According to virtually every report in all media, Kyle Petty’s days as a driver for Petty Enterprises are numbered. That’s too bad.
Understand, it’s difficult to make an argument for keeping the 48-year-old behind the wheel of the No. 45 Dodge. While he has won eight races in his 30-year career (putting him a reasonably respectable 60th among all-time race winners), he has not only needed 828 races to earn those wins, but his last came in 1995. Even worse, he’s finished among the top five just three times since that last win.
There are more damning facts to buttress the Kyle Petty sucks and the only reason he still earns a living driving a Sprint Cup car is his last name argument, but … none of them matter. If there was even a shred of justice or decency in the world of NASCAR, Kyle Petty drives until he tells us it’s time to go.
Let’s forget the fact that Petty has carried himself with uncommon dignity and class while laboring under the unimaginable burden of being The King’s kid — though in some corners, that’s reason enough to cut the guy a gargantuan break; as far as I’m concerned, the argument against dumping him begins and ends on July 7, 2000, the day his 19-year-old son Adam was killed at New Hampshire Motor Speedway.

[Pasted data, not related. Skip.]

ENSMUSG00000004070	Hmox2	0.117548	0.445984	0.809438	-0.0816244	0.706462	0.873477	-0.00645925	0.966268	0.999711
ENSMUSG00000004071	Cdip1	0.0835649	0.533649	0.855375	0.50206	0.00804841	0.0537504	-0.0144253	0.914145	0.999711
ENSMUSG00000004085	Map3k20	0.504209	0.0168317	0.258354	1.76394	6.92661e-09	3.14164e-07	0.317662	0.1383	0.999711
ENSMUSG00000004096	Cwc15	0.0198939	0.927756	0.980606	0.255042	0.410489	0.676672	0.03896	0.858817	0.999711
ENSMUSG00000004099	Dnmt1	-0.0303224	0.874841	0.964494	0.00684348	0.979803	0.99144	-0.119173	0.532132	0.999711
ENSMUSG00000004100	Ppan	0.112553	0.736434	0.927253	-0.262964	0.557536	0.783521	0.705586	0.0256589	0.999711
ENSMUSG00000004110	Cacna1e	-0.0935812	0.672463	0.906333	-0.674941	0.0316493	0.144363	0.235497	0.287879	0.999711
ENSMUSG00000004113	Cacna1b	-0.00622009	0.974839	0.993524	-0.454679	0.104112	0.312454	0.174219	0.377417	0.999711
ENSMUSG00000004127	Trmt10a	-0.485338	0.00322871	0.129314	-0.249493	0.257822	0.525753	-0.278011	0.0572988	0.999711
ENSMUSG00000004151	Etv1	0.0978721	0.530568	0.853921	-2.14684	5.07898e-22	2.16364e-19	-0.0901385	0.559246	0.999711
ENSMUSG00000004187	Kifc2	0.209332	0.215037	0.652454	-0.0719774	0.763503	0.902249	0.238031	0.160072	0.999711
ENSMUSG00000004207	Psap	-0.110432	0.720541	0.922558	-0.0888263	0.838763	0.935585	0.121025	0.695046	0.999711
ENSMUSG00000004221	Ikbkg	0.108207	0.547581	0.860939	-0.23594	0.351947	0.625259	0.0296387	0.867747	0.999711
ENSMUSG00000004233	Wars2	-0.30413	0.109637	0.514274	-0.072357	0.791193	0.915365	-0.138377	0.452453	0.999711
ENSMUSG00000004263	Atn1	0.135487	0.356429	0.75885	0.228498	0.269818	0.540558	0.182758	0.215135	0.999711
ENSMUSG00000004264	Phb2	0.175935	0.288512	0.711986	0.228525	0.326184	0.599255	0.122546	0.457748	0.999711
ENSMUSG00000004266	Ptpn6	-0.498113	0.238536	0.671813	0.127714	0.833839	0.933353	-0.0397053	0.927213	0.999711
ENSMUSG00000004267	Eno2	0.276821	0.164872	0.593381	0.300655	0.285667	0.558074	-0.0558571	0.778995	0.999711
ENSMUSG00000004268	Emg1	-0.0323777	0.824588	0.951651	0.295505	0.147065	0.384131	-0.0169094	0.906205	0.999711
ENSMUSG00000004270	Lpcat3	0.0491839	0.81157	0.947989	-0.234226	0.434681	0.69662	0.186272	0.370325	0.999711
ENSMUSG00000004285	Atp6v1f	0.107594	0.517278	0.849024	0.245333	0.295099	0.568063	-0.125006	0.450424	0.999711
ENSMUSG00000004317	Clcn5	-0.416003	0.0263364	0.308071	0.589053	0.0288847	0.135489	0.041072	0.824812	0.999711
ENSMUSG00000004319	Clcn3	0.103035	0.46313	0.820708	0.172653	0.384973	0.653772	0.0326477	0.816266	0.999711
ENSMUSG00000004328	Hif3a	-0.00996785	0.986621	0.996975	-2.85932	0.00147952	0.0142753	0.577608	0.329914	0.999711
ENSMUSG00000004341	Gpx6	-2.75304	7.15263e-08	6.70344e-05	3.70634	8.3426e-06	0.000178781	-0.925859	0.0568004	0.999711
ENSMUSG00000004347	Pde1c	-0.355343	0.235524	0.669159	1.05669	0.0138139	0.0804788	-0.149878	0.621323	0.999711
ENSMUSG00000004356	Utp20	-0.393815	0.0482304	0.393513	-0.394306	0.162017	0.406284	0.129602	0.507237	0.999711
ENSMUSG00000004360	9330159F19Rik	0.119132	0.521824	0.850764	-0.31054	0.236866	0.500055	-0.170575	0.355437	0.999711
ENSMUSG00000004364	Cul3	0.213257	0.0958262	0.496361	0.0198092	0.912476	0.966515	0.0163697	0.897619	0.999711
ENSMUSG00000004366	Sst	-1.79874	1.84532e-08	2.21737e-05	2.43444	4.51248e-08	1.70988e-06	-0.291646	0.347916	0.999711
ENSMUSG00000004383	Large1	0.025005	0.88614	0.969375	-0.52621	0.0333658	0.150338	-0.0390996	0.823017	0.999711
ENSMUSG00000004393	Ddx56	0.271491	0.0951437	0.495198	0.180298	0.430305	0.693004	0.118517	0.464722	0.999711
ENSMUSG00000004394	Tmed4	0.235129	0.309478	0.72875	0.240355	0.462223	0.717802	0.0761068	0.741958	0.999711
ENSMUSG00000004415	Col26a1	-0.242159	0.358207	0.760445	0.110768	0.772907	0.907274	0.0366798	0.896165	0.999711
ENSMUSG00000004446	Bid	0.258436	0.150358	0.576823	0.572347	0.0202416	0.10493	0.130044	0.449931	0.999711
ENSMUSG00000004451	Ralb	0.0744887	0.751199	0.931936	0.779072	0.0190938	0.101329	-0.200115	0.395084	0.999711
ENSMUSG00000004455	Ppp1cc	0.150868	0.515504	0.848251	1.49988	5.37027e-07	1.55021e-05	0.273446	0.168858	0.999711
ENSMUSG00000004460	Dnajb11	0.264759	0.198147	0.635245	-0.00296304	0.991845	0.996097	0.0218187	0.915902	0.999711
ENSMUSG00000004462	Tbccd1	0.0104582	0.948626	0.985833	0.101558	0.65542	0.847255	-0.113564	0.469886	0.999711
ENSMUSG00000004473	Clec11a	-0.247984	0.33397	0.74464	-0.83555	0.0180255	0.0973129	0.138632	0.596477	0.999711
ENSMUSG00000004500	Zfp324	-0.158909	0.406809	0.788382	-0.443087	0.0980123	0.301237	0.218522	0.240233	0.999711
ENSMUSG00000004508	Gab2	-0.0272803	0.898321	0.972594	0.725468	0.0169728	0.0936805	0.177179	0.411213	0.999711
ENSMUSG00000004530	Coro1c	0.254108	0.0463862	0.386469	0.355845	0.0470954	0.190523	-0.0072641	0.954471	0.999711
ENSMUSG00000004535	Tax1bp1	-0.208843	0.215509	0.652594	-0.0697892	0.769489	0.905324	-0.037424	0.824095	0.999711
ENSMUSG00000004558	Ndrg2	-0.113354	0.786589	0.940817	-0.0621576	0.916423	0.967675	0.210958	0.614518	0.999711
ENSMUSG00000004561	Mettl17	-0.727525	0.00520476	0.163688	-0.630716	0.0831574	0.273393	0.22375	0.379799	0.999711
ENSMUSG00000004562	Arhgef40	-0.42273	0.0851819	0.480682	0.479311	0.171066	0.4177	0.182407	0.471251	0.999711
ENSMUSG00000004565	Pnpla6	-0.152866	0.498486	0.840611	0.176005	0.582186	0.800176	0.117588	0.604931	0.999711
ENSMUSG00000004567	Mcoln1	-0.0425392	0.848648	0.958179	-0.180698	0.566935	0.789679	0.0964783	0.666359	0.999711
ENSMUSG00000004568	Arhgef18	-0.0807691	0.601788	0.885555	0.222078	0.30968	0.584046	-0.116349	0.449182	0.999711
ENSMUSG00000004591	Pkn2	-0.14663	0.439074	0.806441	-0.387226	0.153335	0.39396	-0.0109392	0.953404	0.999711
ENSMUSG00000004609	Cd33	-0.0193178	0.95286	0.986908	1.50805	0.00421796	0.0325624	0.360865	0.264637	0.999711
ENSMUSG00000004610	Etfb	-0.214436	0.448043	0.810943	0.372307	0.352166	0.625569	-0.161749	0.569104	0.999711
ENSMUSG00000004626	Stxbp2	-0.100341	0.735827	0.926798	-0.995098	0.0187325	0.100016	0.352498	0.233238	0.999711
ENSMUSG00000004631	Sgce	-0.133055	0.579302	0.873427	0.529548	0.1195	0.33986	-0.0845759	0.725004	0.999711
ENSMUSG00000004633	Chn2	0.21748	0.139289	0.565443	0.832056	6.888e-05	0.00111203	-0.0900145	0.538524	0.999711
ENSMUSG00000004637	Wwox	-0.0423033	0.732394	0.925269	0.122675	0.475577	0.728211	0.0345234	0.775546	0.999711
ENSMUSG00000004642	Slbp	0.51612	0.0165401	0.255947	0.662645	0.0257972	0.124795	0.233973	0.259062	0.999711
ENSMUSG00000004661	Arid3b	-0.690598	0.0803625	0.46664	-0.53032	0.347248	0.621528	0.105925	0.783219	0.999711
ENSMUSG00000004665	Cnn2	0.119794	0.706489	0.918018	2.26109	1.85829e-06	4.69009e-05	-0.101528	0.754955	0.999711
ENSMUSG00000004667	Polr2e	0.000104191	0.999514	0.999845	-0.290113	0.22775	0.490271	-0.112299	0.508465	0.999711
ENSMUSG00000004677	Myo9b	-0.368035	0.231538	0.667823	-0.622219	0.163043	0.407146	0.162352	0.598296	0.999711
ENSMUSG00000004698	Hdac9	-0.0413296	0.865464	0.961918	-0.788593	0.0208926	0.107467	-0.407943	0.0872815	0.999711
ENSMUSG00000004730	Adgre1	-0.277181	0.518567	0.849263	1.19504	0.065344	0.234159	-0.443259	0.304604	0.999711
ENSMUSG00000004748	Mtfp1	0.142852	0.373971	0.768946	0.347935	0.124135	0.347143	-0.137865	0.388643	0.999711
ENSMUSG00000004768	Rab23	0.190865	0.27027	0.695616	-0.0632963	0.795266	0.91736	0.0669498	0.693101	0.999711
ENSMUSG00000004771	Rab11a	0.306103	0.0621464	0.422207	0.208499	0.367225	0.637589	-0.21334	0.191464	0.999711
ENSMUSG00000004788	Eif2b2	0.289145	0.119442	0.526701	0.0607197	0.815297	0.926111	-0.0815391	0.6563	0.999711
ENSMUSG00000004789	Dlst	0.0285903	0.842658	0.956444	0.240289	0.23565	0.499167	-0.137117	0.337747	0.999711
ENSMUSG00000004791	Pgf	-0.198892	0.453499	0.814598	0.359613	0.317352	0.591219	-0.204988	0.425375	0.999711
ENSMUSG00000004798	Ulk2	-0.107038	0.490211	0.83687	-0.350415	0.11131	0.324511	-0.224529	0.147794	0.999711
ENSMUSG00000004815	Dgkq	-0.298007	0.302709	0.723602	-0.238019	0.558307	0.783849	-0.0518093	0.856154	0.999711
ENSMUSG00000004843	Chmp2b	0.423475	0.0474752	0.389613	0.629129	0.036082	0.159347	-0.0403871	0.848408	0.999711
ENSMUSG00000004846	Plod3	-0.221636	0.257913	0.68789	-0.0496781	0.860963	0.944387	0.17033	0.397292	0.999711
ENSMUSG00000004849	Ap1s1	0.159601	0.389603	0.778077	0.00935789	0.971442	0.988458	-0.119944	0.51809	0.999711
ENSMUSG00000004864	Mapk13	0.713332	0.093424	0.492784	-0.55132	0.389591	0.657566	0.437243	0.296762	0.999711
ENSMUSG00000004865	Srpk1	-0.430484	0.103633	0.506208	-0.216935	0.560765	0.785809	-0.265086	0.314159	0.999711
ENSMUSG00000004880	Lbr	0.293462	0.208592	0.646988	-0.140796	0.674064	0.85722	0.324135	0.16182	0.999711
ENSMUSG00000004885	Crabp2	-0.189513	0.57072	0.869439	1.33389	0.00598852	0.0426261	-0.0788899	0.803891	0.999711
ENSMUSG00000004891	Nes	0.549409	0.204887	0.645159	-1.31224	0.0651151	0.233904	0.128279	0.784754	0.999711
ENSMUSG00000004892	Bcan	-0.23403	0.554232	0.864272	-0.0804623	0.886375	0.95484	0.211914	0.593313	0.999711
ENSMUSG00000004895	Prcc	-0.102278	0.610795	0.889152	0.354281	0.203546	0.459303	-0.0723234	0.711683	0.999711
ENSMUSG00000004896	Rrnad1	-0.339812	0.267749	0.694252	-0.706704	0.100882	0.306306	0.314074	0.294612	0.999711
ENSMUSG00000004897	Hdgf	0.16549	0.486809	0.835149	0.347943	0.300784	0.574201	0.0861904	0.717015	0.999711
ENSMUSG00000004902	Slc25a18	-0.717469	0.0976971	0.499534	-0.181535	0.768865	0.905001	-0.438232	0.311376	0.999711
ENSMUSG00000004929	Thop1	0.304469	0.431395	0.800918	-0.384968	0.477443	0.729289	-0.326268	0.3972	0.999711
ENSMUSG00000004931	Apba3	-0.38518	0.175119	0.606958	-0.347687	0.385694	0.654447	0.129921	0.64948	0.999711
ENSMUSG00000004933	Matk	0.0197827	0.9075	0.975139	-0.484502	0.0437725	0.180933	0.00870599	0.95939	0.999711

Go on all you want about drivers appreciating the risks of their chosen line of work, etc., etc., etc. (Petty himself will echo a variation of that theme whenever he’s asked how or why he kept racing in the wake of his son’s death). In point of fact, Kyle Petty has walked an incredibly difficult path and endured not one but two burdens that few — if any — public figures can even begin to appreciate. Yes, Kyle chose to follow his grandfather and father into NASCAR; yes, he, and his wife, and his father, and everyone in the sport, and, obviously, Adam himself, understood the stakes. And no, maybe the world doesn’t owe anyone anything. But Petty Enterprises and NASCAR? Somehow, they owe Kyle Petty the opportunity to call his own shots.